“Chicago is in such a deep fiscal trench that we don’t expect the 2016 budget to contain all the solutions needed to get back on solid ground,” said Nuveen analyst Kristen DeJong.

CHICAGO - Chicago's fiscal reckoning is at hand.

With his political legacy as a fiscal manager at stake, Mayor Rahm Emanuel will unveil his 2016 budget Tuesday giving the muni buyside a few days to digest his proposals to solve the city's grim fiscal problems before Chicago's annual investor conference Friday.

Skeptical investors are looking to the mayor to take big steps toward stabilizing the city's fiscal foundation with a substantial tax package to tamp down growing pension strains.

Moody's Investors Service pushed the city's general obligation rating down to junk in May over its $20 billion unfunded tab, further driving up the city's already steep borrowing penalties.

Emanuel faces the daunting task of persuading investors, analysts, the public, and the City Council that what's expected to be a record property tax hike in the range of $500 million, along with other new taxes and fees, will put the city on a sound fiscal path. At the same time, Emanuel must consider what the city's populace is willing to pay, market participants warn.

"On Tuesday, Mayor Rahm Emanuel will present the most important budget this generation of Chicago taxpayers will ever see," Laurence Msall, president of the Chicago Civic Federation, wrote in an op-ed piece last week. "This budget will either drive away residents and businesses or give them the confidence that Chicago is capable of long-term, sustainable change."

Steep yield penalties on Chicago bonds have tightened slightly since word began circulating late last month that Emanuel would seek such a big property tax hike, although chief financial officer Carole Brown said recently the final package remains a work in progress.

Investors and analysts have offered limited praise as they wait for the city to actually take action; they say are worried the city may rely on the state government for help when the mired in a budget impasse amid political gridlock.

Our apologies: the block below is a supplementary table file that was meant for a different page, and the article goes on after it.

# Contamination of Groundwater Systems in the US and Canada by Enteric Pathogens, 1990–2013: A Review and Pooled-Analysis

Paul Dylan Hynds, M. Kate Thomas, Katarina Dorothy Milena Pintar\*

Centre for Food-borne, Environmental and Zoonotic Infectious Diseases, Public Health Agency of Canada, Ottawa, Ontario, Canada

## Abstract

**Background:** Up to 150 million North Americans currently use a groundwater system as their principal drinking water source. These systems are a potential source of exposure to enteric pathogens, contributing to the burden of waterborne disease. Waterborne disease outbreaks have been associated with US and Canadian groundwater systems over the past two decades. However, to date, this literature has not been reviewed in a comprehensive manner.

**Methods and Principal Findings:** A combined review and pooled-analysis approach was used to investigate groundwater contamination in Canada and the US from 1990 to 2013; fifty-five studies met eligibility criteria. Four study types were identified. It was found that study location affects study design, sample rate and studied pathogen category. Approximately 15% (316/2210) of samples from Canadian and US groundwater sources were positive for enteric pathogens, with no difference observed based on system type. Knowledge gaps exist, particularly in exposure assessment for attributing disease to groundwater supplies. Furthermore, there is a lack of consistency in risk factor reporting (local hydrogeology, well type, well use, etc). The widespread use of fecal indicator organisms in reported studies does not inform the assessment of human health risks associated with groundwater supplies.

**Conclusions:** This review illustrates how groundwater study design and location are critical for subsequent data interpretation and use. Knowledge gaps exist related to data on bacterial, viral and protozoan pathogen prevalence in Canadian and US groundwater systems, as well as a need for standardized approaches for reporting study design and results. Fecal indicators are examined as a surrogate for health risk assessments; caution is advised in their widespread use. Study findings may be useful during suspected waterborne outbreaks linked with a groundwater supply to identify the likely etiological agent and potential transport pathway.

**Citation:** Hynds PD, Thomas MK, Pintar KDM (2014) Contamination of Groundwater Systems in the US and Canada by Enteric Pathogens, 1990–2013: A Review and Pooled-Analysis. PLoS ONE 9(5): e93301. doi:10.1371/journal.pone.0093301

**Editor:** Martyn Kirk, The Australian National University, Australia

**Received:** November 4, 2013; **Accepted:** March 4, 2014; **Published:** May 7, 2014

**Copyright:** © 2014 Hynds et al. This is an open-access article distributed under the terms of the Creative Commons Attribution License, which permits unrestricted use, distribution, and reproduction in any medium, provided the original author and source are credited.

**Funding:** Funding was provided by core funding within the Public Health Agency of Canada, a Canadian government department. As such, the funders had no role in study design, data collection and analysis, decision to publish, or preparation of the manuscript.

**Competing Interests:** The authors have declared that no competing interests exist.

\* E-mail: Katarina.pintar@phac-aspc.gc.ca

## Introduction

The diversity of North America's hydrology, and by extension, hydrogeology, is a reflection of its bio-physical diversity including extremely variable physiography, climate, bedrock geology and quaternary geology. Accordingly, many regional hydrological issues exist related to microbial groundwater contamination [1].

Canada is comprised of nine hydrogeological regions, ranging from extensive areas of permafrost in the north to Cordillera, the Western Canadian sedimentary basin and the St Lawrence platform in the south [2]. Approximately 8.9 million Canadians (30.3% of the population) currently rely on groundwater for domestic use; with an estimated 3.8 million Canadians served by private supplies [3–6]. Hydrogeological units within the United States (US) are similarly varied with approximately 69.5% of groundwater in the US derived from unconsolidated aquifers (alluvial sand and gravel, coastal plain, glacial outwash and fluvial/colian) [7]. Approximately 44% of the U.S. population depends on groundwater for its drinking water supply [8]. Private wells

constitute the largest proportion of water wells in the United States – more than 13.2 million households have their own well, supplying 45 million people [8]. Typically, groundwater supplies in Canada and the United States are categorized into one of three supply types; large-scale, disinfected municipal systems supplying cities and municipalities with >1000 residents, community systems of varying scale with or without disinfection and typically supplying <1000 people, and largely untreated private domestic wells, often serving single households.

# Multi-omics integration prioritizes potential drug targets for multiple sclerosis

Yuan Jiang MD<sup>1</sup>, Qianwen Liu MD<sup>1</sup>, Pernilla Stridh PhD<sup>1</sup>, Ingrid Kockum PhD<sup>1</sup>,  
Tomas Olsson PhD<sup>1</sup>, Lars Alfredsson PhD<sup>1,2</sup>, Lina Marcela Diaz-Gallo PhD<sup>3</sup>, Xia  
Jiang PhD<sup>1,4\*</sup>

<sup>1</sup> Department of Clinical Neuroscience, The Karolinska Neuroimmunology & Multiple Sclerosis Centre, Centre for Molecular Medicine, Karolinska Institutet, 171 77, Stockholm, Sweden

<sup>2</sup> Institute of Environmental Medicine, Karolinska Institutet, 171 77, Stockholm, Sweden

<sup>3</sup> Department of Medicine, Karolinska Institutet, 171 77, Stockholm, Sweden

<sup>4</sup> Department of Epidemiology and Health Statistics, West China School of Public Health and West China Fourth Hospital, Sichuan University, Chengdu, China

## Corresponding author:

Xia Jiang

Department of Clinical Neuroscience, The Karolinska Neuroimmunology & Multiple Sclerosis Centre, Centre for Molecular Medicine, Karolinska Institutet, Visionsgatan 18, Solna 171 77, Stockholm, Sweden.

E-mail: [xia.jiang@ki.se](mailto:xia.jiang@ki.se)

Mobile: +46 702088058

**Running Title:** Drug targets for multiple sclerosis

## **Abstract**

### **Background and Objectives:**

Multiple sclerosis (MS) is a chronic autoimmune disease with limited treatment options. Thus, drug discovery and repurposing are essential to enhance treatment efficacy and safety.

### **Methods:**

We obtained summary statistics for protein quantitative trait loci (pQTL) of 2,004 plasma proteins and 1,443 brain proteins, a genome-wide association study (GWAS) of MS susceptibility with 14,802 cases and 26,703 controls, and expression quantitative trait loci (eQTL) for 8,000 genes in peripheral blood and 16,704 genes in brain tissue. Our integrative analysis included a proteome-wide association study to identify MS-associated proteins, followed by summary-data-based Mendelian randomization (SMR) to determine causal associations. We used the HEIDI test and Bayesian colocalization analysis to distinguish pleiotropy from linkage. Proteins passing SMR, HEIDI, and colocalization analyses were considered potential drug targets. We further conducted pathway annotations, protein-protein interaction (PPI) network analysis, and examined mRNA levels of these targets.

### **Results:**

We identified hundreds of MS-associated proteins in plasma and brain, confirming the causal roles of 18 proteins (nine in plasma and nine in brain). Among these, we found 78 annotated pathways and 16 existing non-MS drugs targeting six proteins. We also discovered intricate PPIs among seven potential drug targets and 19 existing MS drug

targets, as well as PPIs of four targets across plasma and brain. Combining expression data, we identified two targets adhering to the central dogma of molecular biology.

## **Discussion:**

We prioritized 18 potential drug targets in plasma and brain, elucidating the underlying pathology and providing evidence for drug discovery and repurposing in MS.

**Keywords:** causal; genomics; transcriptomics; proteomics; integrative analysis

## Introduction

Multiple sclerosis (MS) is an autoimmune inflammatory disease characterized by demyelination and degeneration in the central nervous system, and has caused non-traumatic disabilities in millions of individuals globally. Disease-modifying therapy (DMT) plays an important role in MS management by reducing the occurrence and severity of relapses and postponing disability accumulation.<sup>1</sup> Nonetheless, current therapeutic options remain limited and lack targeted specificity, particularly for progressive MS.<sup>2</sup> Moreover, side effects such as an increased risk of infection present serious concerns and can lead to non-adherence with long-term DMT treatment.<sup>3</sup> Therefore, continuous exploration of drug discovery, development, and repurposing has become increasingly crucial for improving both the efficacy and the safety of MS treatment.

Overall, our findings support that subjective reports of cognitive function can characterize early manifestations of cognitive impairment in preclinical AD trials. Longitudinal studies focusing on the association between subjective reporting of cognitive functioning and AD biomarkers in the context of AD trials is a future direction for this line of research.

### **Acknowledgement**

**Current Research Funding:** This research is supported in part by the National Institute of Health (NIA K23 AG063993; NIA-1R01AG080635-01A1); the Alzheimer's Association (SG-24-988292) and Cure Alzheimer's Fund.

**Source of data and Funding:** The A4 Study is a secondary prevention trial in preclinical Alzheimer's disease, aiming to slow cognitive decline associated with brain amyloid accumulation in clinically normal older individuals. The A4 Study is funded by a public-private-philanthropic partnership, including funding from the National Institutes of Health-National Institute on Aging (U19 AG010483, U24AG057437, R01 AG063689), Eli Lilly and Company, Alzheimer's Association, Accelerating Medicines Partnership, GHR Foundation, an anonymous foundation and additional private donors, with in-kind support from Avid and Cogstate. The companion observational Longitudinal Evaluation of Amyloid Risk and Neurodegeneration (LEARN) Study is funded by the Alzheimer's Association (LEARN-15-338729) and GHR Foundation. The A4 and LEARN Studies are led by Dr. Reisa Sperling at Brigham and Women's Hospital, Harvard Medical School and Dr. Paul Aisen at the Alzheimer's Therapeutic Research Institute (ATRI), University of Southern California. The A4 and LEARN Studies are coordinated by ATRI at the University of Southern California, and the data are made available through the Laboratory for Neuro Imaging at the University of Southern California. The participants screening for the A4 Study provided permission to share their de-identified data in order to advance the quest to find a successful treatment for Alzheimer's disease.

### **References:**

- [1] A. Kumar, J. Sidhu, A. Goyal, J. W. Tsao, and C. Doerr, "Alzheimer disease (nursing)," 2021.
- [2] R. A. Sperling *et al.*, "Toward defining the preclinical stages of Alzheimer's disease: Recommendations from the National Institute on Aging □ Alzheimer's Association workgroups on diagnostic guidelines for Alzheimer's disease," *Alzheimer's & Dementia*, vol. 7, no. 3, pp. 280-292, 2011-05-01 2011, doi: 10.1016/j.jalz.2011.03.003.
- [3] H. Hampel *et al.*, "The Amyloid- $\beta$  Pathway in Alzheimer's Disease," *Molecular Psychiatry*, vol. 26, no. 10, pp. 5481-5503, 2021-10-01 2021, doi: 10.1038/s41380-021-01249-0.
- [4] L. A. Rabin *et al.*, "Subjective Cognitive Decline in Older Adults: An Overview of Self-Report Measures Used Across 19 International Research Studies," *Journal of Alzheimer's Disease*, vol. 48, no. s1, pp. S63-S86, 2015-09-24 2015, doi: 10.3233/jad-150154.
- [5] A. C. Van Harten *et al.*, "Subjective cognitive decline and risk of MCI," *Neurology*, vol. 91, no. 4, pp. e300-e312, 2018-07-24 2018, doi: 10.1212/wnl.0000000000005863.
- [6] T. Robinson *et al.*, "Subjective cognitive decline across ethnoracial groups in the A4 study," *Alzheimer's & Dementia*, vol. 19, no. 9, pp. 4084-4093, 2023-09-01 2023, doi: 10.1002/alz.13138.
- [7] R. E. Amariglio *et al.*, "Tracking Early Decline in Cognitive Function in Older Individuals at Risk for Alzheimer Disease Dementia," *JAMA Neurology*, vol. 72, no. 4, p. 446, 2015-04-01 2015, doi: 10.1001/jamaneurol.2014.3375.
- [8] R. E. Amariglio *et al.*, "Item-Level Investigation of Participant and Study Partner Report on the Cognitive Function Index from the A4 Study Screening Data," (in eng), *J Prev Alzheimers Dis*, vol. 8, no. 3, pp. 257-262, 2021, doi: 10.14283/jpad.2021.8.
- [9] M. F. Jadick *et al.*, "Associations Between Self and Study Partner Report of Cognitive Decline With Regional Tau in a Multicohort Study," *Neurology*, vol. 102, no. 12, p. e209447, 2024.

"I think the buyside is optimistic that it [what will be proposed] will help but we have a wait and see outlook," said Lyle Fitterer, head of tax-exempt fixed income at Wells Capital Management. "Is he able to actually execute the plan? The plan may be good, but it still hasn't passed."

The state is also a factor.

"Everyone is still waiting to see what the state comes forward with in balancing its budget," Fitterer said. "There are still hurdles to pass."

Bolstering pension payments with a recurring revenue source like the property tax is a "positive" but on its own only goes so far, said Nuveen Asset Management fixed research analyst Kristen DeJong.

"Chicago is in such a deep fiscal trench that we don't expect the 2016 budget to contain all the solutions needed to get back on solid ground," she said.

"In our view a fully structurally balanced budget would include full funding for pension payments and we don't see that happening in the 2016 budget," DeJong said. If the state acts to reamortize the police and fire contributions by pushing back the date it commits to fully fund them, it only adds to the long-term funding burden.

"The city has more pain to see before everything gets better," DeJong said.

The potential impact of cuts and higher taxes on residential and business decisions to remain in the city is a concern, but one that will play over a longer time frame, DeJong said.